Other faces to watch in new places include Reggie Bush in Miami, Chad Ochocinco in New England, and Nnamdi Asomugha, the grand prize of free agency, in Philadelphia.
Ah, free agency. The CBA settlement made more than 450 players unrestricted free agents, as the minimum to qualify went back to four years; it was six in 2010, an uncapped year. The salary cap was set at about $123 million, then the frenzy began.
Philadelphia, already a solid Super Bowl contender, retooled its roster and has been declared the champion of free agency, for what that's worth. The Eagles added cornerback Asomugha, DLs Cullen Jenkins and Jason Babin to their defense, receiver Steve Smith, running back Ronnie Brown and Young to their offense.
"Whatever it takes to try to get there, that's what we're going to do," team president Joe Banner said of the Eagles' Super Bowl-or-bust mentality. "I want the players to feel like that's the goal. If we fall short of that, then we didn't hit the goal. It's really that simple. I'm glad that the mindset is that we have a real shot to do that. ... The expectations are high internally as well as externally, and I think that's a good place to be."
A tough place to be is anywhere that new coaches are trying to install their systems, learn about their players and, somehow, win games following a wasted spring and half of summer. Ron Rivera in Carolina might have the biggest challenge as he takes over the NFL's worst team of 2010 and tries to get Newton indoctrinated quickly — all under a glaring spotlight.
It won't be easy for Jim Harbaugh in San Francisco, Pat Shurmur in Cleveland, Mike Munchak in Tennessee, Hue Jackson in Oakland, John Fox in Denver, Jason Garrett in Dallas and Leslie Frazier in Minnesota. At least Garrett and Frazier got in some time as interim head coaches a year ago.
Their jobs seem secure for at least one season, barring an 0-16 debacle. Veteran coaches under the most pressure to produce in 2011 will be Tom Coughlin with the Giants, Jack Del Rio with the Jaguars, Gary Kubiak with the Texans and Tony Sparano with the Dolphins.
Many of those coaches spent an inordinate amount of time — because they had an inordinate amount of time available from March until mid-July — examining rules changes.
Most notable is the decision to move kickoffs up 5 yards to the 35 and limit coverage teams to a 5-yard run-up before the kick. The reason for the change: player safety.
The reaction thus far: bring back the kickoff return. Through three weeks of the preseason, touchbacks had just about doubled to 38.8 percent of all kickoffs.
"There's no truth that we are looking to eliminate the kickoff return," said Ray Anderson, the league's chief disciplinarian and a member of the competition committee. "That has been presented to the committee and didn't ever have any support.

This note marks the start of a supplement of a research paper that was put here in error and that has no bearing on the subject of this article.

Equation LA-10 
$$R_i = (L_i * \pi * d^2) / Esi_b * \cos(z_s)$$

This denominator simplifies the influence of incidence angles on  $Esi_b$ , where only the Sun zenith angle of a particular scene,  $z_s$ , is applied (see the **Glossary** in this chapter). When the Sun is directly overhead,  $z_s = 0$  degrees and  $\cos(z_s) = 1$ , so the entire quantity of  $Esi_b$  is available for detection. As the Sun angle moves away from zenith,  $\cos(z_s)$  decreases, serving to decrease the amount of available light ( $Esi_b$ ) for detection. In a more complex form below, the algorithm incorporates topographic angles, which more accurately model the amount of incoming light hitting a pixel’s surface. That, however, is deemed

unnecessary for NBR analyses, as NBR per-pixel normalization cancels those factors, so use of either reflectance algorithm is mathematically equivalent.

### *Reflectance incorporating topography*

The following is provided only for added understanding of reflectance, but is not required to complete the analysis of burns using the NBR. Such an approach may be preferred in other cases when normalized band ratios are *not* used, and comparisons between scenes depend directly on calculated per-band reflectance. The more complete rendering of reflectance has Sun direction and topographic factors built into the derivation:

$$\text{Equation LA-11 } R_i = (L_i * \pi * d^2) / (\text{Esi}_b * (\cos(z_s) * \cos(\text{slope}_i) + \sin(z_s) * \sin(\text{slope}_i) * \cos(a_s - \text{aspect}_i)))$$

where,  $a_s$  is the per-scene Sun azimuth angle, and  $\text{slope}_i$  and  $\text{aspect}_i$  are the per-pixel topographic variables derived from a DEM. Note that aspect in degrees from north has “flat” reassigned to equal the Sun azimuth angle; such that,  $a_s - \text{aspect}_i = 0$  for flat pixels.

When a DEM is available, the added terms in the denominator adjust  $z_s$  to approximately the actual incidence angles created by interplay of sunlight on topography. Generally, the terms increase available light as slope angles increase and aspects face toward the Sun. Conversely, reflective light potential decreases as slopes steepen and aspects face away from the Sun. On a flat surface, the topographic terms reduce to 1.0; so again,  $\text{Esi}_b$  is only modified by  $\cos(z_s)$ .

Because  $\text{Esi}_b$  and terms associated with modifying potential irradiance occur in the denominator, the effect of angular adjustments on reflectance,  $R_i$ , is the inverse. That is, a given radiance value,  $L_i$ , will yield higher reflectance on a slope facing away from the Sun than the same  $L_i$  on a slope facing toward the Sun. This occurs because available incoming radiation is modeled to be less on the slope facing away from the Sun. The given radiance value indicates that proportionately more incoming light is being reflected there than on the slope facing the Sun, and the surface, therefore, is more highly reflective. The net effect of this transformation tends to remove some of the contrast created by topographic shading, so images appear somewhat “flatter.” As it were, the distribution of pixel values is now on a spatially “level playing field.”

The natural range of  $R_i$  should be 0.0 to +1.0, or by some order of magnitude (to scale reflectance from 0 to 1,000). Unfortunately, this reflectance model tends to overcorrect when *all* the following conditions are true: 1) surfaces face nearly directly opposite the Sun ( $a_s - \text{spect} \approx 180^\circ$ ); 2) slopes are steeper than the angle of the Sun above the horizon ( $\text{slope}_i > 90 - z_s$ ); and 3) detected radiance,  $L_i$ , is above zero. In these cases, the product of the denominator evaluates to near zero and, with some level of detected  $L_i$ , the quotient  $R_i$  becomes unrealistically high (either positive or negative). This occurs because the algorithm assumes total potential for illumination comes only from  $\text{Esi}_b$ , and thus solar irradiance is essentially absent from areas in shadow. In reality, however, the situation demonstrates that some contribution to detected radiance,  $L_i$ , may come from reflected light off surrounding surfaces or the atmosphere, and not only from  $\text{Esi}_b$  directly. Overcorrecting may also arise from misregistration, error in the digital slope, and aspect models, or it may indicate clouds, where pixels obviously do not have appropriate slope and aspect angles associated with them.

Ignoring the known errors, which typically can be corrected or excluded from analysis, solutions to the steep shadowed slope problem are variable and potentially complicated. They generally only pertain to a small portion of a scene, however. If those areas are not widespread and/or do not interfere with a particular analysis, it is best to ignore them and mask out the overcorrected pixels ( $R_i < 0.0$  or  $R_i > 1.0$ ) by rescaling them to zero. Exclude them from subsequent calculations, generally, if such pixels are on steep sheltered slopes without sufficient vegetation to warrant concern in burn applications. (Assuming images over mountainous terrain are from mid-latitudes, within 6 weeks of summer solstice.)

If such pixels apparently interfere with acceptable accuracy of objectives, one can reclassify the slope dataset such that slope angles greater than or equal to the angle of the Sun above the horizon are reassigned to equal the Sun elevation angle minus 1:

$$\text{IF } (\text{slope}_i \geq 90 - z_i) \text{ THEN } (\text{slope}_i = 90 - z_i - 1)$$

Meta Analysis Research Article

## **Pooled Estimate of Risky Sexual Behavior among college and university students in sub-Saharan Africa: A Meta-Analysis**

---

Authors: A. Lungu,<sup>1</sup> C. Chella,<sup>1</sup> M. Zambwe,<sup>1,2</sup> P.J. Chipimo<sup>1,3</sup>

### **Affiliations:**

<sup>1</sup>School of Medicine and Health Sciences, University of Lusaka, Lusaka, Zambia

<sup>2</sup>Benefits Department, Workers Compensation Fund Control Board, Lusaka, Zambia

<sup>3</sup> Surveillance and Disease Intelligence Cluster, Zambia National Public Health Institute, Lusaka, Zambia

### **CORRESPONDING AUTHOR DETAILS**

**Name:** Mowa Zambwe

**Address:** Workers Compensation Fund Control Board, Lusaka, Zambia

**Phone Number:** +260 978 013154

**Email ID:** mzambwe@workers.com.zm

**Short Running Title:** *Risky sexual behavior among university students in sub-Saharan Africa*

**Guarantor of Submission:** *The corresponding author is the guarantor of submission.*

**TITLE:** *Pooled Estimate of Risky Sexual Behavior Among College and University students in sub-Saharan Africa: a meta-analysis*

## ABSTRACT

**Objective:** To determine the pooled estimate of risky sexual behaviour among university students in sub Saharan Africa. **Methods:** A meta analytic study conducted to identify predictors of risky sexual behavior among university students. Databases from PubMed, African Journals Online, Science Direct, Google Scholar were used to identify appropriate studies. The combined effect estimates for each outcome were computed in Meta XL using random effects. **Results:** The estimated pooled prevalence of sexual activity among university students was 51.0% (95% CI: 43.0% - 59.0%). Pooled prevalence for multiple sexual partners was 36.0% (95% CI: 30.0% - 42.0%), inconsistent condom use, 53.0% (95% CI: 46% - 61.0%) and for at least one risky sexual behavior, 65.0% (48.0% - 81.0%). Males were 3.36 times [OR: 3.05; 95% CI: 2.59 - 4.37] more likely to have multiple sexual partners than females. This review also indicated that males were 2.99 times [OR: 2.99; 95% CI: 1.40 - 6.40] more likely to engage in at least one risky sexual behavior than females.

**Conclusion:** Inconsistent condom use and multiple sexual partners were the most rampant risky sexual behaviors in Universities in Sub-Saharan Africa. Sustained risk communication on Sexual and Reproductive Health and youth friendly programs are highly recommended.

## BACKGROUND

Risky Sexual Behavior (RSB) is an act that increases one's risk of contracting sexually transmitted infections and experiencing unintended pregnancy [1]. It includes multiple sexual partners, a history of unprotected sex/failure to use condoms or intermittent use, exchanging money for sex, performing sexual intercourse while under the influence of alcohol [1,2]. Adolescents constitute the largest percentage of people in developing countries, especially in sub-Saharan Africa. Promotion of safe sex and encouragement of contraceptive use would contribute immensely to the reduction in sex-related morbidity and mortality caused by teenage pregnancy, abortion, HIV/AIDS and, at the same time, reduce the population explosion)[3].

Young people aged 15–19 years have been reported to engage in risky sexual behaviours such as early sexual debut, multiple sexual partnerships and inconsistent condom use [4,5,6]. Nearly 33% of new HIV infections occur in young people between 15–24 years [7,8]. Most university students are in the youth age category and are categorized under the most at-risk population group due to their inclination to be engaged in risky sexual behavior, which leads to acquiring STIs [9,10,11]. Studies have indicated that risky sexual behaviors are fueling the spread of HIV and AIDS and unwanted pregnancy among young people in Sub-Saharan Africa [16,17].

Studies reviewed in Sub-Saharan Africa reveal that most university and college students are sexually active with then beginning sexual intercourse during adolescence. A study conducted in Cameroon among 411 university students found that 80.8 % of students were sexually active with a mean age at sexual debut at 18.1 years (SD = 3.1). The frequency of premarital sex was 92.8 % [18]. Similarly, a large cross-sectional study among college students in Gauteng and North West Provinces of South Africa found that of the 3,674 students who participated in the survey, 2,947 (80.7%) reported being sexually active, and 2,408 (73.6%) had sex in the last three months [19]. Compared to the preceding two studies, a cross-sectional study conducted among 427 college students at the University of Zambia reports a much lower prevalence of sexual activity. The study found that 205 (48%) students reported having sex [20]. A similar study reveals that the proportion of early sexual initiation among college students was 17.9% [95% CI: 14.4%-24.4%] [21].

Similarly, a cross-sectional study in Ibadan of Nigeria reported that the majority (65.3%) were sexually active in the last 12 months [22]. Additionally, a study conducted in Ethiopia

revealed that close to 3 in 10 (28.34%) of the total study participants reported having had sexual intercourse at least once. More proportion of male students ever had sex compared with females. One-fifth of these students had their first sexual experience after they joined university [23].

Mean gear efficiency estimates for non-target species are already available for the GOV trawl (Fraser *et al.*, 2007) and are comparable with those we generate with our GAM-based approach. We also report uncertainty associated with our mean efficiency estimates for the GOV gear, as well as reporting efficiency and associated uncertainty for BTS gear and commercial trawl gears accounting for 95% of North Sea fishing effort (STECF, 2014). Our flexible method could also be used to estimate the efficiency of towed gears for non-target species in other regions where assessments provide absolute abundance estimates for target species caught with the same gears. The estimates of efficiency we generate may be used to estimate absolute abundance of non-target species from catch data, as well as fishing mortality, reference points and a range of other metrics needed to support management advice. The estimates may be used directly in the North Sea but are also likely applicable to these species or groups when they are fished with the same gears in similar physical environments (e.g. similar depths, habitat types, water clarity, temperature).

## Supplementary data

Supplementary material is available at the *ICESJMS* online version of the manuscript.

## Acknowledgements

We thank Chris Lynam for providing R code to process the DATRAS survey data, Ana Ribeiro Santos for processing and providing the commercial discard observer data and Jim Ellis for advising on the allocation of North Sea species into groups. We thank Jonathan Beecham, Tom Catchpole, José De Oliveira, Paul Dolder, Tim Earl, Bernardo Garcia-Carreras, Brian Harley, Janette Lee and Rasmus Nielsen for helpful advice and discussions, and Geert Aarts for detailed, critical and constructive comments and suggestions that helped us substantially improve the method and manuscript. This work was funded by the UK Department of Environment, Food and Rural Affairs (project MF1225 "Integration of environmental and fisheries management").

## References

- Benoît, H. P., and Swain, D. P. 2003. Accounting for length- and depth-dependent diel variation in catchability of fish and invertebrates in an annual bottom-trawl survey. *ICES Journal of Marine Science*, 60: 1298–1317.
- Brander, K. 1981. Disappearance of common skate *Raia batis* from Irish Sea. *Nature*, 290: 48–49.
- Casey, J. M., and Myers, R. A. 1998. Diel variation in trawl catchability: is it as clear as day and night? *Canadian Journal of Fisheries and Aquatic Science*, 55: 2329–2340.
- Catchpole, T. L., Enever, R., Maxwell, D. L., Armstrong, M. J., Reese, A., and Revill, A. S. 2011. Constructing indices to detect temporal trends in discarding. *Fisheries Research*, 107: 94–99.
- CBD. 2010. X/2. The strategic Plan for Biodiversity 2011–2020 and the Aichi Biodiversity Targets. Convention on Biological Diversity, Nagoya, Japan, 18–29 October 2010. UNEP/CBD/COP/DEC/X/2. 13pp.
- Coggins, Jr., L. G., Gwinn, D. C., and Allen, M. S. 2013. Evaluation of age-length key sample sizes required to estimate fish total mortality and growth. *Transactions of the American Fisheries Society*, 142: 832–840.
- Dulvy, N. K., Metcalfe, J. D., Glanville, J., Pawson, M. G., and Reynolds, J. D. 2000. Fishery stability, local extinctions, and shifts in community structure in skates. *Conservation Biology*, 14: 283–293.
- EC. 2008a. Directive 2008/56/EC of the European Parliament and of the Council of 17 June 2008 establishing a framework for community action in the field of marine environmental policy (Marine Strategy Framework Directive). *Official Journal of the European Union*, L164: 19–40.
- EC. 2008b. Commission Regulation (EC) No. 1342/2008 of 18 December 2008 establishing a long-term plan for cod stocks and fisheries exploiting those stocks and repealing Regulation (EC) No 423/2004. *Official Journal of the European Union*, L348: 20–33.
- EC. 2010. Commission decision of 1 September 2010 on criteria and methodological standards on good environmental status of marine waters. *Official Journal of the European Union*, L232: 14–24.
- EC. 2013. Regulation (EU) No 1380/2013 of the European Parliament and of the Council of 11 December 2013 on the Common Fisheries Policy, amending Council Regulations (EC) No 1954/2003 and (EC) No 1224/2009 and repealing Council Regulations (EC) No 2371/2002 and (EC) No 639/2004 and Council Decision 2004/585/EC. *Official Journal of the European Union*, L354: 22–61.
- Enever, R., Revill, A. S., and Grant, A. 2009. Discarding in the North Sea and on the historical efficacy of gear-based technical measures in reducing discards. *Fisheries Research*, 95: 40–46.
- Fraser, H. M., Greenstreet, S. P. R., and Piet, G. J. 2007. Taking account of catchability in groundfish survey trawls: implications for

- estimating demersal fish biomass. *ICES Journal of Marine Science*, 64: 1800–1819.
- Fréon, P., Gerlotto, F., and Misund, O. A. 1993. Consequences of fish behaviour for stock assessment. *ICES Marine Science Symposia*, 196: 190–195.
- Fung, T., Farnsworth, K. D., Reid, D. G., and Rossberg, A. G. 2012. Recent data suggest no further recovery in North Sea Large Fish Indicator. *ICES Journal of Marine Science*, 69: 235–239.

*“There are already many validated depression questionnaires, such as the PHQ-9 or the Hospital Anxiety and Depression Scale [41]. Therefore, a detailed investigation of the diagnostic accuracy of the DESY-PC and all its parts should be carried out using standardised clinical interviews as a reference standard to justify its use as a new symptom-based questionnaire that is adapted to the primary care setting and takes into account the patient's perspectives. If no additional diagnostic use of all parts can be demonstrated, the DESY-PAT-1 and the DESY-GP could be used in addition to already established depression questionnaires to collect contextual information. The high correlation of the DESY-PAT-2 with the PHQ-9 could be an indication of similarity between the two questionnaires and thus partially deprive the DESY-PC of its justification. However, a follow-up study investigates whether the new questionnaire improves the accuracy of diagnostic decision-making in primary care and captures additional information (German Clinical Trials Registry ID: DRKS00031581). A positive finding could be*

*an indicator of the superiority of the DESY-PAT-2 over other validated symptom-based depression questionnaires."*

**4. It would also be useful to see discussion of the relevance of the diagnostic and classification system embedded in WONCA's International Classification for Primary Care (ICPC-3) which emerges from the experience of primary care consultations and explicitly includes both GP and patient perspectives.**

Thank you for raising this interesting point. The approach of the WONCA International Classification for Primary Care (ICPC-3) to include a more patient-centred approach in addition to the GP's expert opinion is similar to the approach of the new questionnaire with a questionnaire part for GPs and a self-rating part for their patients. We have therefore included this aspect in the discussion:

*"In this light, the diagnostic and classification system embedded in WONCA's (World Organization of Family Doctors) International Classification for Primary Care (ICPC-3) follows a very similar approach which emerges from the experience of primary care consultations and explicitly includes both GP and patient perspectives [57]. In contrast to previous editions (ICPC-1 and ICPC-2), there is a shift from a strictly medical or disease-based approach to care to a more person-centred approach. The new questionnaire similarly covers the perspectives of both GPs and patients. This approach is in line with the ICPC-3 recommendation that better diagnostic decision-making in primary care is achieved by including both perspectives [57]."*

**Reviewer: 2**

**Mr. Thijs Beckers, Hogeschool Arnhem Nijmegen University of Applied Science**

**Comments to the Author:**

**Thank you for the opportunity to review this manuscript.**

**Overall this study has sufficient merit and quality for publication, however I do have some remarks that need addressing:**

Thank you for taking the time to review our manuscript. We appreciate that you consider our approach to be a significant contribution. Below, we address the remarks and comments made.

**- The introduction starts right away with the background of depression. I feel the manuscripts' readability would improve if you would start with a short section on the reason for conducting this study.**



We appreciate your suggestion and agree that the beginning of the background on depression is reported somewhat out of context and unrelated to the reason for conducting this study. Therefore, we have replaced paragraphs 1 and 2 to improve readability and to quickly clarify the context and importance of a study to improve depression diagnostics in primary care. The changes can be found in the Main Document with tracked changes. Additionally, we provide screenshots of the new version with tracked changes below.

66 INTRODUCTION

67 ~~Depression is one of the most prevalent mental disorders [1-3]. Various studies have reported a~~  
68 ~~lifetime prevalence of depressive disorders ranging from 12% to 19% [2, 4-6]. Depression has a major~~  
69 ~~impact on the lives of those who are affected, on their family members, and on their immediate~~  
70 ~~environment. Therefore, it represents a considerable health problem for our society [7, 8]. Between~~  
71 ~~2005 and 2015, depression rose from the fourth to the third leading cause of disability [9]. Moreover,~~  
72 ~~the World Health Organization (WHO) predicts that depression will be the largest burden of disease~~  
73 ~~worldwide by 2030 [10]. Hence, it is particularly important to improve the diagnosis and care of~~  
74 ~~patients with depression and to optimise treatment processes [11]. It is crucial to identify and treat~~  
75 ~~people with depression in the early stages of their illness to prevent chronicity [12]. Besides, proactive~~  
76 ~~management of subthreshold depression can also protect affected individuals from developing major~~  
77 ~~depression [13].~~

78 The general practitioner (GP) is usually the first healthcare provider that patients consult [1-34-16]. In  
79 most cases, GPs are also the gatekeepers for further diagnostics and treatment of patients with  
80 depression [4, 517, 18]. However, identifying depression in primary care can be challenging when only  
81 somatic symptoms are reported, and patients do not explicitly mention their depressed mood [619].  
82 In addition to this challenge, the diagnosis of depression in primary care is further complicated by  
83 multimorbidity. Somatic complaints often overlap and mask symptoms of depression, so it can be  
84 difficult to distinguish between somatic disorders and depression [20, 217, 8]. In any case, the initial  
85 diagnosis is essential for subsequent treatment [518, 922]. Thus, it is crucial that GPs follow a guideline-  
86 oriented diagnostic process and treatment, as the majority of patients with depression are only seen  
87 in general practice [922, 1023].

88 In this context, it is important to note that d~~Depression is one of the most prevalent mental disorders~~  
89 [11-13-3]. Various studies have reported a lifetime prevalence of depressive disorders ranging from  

"We understand it's an exciting play and that it should remain in the game — with tweaks to make it safer."
Players who run back kicks see it as more than a tweak.
"Nothing I can say in public," offered Seahawks special teams star Leon Washington. "You have to understand with the NFL, safety is their priority. So, I definitely understand that part. But for teams like us, Chicago, Arizona, Cleveland, it's a big deal to win the field position battle with special teams, and now, they're taking that part of the game away from us."
The league is making all scoring plays reviewable by replay, but in the preseason, only a handful have led to lengthy delays.
It's also promising to ramp up discipline for illegal hits, including handing suspensions to repeat offenders — and to anyone else whose illegal hit is troublesome enough to warrant being sat down.
"Let me make it very clear, particularly in regard to repeat offenders," Anderson said, "that egregious acts will be subject to suspension. We will not feel the need to hesitate in this regard."
Following the opener at Lambeau Field, the NFL will stage remembrances at all of its games of the terrorist attacks of 2001. With that in mind, the Giants are scheduled to play at the Redskins, the Jets are hosting the Cowboys, and the Steelers are at the Ravens, covering teams with ties to areas where the impact of the attacks was felt immediately.
The league and the players' union have pledged $1 million in donations to three Sept. 11 memorials and two charities.
For months, there was some doubt if games would even be played as scheduled. Instead, the only victim of the longest work stoppage in NFL history was the exhibition Hall of Fame game.
The lockout seems to have whetted the appetites of fans even more. Expectations are for TV ratings to continue to outdo everything else, and for the NFL, even in the wake of one of its ugliest periods, to remain the king of American sports.
AP Pro Football Writer Rob Maaddi and Sports Writers Chris Jenkins in Green Bay and Brett Martel in New Orleans contributed to this story.
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